Monday, March 06, 2006

From Here to Kandahar

I love my flag - it fills me with a depth of love reserved only for my country - so it hurts my heart to see it draped across coffins coming home from far away. And I know we will see too many more come home before this is over.

Canadian soldiers know that there are risks involved in serving their country. They accept that any military operation is inherently dangerous and that accidents happen. They serve with pride.

As Canadians we tend to be trusting and we believe in the inherent goodness of people. We believe that in any situation people can be brought to their potential and given the right support and resources they can make their world a better place. We believe individual rights should be protected and not oppressed. We believe that all people should have hope, opportunity and the chance to live life with dignity. We believe in the power of family and community and therefore democracy.

Afghanistan is not an easy place for Canadians to be. So much that we take for granted here in Canada is not within the grasps of the people of Afghanistan. It is our nature to extend what help we can and the work our soldiers are doing over there is a neccessary part of rebuilding a country. We want to do this, but it's our caring that makes us vulnerable.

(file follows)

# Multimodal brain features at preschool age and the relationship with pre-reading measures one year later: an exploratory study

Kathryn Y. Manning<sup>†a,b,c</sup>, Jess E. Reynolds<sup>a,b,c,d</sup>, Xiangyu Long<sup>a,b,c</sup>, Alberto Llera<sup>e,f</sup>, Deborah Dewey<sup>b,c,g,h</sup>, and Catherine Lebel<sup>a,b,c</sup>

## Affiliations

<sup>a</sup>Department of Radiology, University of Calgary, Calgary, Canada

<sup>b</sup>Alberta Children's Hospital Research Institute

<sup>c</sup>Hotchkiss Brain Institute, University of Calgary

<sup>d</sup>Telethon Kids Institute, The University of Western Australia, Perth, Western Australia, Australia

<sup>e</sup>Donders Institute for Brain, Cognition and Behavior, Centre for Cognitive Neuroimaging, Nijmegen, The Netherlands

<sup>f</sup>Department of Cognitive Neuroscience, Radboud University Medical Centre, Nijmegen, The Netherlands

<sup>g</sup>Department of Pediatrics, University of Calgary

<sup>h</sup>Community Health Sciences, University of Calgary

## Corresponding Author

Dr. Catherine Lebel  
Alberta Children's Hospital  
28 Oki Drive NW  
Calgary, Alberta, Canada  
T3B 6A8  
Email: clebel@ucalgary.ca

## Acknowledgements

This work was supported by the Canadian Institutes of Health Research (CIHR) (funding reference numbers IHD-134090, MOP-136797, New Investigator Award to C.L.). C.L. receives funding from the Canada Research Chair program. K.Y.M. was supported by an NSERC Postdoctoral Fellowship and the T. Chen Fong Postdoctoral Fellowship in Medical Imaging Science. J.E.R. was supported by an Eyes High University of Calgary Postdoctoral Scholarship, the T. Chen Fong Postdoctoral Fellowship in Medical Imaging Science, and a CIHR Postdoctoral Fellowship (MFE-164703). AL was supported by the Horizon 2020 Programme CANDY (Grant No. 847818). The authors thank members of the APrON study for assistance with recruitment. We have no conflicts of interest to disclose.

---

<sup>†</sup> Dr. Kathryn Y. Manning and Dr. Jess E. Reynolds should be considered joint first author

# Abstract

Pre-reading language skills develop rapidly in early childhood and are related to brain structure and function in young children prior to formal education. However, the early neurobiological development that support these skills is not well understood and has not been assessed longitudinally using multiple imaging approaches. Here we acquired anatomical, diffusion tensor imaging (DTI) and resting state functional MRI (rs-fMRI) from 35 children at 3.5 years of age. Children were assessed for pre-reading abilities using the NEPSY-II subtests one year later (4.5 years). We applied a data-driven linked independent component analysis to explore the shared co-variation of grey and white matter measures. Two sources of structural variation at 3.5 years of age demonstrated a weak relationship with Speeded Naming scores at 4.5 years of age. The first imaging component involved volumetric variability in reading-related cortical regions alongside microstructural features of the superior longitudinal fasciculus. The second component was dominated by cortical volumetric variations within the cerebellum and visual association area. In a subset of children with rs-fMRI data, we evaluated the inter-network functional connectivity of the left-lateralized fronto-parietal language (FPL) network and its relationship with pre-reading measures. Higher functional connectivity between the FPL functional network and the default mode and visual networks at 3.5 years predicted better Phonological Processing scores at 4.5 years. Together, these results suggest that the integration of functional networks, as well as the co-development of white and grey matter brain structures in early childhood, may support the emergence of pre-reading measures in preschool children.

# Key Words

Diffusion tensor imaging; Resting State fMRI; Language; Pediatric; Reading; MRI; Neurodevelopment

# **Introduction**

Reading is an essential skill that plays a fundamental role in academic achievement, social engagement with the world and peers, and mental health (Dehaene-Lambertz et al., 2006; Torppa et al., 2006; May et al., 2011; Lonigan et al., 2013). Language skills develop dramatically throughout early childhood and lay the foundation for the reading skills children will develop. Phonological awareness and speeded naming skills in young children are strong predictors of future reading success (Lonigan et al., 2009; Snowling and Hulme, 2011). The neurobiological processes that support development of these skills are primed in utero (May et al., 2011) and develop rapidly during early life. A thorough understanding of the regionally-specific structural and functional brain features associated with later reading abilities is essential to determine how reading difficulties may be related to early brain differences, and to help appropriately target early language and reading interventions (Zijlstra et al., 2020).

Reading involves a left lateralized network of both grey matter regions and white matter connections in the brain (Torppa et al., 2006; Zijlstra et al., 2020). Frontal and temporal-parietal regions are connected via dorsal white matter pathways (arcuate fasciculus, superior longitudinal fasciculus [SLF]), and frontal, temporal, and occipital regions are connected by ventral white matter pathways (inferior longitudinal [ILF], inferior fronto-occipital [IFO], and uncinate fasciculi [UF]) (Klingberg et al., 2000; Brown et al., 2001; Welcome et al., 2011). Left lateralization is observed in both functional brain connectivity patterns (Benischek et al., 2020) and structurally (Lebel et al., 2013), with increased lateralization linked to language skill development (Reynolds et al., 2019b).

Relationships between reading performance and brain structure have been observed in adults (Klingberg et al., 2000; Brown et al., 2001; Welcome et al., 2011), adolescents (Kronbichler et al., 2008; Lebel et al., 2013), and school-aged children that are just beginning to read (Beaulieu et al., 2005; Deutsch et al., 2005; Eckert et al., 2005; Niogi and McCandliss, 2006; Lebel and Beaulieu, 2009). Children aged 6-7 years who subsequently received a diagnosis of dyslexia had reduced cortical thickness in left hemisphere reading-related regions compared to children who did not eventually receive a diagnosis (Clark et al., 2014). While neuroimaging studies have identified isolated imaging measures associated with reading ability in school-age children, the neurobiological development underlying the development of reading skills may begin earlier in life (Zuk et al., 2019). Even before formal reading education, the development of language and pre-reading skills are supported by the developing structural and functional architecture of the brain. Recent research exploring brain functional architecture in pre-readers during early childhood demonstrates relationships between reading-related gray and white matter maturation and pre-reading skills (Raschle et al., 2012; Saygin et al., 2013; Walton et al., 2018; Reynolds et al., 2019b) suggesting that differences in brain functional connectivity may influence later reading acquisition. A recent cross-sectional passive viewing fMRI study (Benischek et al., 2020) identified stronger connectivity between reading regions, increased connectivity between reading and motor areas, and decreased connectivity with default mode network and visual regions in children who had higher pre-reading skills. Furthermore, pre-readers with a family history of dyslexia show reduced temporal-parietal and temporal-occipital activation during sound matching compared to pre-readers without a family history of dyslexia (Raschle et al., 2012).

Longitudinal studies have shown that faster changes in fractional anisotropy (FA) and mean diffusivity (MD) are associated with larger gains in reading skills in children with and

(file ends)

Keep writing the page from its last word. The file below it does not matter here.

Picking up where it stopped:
Further, it's not a safe place to be. We obviously can’t trust these people, even if we want to. We need to be vigilant: don’t take off your helmet; remember your weapon; watch your back and as soon as the kids disappear from the crowd take evasive action as necessary.

But we also know as Canadians that we can’t turn our backs on a people in need. We might not be able to trust that these people are making the best decisions right now but I think we have to believe that there is good in them and that they are deserving of a better life.

For our guys over there, don't let the bad guys get you down. It has been a tough week, but you all know why you are there and you see why it is important. Stay Strong. We believe in you.

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